Reasons Why You Should Stay in Touch with Your Former Employer

November 20th, 2019

The idea of staying in touch with a former boss might seem awkward and daunting (depending on what you think “staying in touch” actually entails), but a little effort to maintain contact can go a long way when it comes to personal gain. Just reaching out now and then via social media can remove the awkwardness when you’d like to have a more in-depth conversation. And doing both—maintaining a social media tie and using that tie to connect and chat periodically—can help you with your long-term career growth. Here’s how.

Guidance

You have a tough question about the future of your industry. Or you have two options in front of you, and you need to choose between them. You can ask your mom or your best friend if you want, but who understands your professional life and your capabilities better than your former boss? If you’re connected on social media, it won’t be hard or strange to send a PM with your question or to request a phone call or lunch date so you can ask in person.

Professional Development

Staying linked to your old boss can help you get a sense of what the future might hold for you. Why? Because seeing where your boss goes can help you understand where you might go as well. Chances are, a few years down the road, your boss will have left the job and the company to move onto the next step and the next rung of the ladder. Watching where she goes and what she does, can help you chart your course.

Opportunities

Your boss can share information, updates, achievements, announcements, and event info through social media that you might miss out on otherwise. And if you manage to stay in her true inner circle as a friend or colleague, you’ll get the same info and access from her first-hand.

References

Nobody finds it odd to be contacted and asked for a reference by a person who worked for them a year ago, or even five years. This is especially normal (and even flattering) if the person has maintained a connection through social media during that time. BUT it can certainly be odd to receive such a request from someone you haven’t worked with, seen or heard from in ten years. If you don’t stay in touch at all, don’t expect to be remembered any longer than you would remember the other person if your roles were reversed. Everyone likes to give references! But it’s easier and more pleasant to grant this favor to someone you know.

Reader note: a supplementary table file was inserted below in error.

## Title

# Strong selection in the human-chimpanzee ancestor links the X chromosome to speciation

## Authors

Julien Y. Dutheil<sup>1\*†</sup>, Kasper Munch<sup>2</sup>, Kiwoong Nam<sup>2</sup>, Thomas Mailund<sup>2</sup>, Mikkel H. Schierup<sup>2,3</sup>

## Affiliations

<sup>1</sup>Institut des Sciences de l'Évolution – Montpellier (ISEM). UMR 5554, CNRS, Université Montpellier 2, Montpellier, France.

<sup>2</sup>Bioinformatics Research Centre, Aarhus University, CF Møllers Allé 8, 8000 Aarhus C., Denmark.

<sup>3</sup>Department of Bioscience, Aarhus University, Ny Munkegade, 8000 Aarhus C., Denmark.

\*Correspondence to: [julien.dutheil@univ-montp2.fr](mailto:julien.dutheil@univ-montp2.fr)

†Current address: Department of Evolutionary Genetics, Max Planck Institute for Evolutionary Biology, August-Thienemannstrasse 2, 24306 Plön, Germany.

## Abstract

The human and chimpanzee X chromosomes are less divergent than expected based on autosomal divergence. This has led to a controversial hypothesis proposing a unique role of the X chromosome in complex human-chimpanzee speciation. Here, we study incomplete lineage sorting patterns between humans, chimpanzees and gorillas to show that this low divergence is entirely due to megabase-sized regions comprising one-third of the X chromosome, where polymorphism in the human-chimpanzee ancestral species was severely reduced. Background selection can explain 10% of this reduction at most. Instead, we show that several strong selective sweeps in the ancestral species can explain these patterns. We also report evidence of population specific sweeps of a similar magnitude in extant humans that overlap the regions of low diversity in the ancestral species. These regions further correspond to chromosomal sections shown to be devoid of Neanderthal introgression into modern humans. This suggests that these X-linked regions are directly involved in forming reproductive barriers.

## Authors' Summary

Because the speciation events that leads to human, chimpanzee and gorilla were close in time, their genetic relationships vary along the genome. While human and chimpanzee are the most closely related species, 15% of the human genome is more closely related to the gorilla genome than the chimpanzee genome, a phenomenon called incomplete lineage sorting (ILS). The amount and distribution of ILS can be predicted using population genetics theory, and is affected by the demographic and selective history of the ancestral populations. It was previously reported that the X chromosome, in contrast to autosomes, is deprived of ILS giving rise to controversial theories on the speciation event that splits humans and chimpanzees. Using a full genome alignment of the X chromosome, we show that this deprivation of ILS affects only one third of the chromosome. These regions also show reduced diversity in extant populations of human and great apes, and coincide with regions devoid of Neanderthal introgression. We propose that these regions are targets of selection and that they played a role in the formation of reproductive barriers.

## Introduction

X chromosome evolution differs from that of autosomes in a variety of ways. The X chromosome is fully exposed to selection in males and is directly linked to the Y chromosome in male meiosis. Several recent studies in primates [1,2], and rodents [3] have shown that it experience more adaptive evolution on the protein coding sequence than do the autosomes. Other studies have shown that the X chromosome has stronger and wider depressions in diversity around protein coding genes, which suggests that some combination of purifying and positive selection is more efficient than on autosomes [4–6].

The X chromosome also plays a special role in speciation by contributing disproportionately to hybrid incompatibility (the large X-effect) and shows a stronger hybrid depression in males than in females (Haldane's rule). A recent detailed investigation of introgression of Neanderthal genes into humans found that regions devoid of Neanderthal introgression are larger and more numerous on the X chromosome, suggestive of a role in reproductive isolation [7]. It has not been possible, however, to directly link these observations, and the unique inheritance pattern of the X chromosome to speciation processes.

For more on the whys and hows of staying in touch with a former boss, contact the career management pros at PSU.

How to Help Your Employees Set Goals

November 8th, 2019

You want your employees to fulfill their assigned tasks with energy and commitment. But if you’re a great employer, you also want something more: you want your direct reports to look into the future and make moves now that can both help the company and build their careers. The status quo is fine, and it’s okay to simply punch in, complete the day’s work, and go home. But excellent employees want to set long term goals and focus on growth. And excellent employers want to help them do this. Here are a few simple moves that can help you keep their attention on the horizon, not just down at their desks.

Conduct personal check-ins.

At least once a month (ideally much more often), sit down with each of your direct reports individually for an informal chat. Ask them how they feel about their current work. Do they find it appropriately challenging? Can you help with these challenges? And if they’re ready for more responsibility, how can you help them choose a direction and obtain the training and exposure they need to move forward? These chats should give you some insight that can help you connect them to the right mentors and opportunities.

Keep the goals SMART.

Smart coaching leads to smart goal-setting. Which means choosing goals that are specific, measurable, attainable, relevant and timely. It’s easy for employees—especially those with minimal work experience—to wander off the rails when it comes to goal setting, and loose, poorly formulated goals can lead to disappointment and discouragement later on. Rein in goals that are not realistic, and shape goals that are not well defined. Help place timelines on vague goals, and keep workplace goals focused on the workplace.

Attain the minimum standard before climbing higher.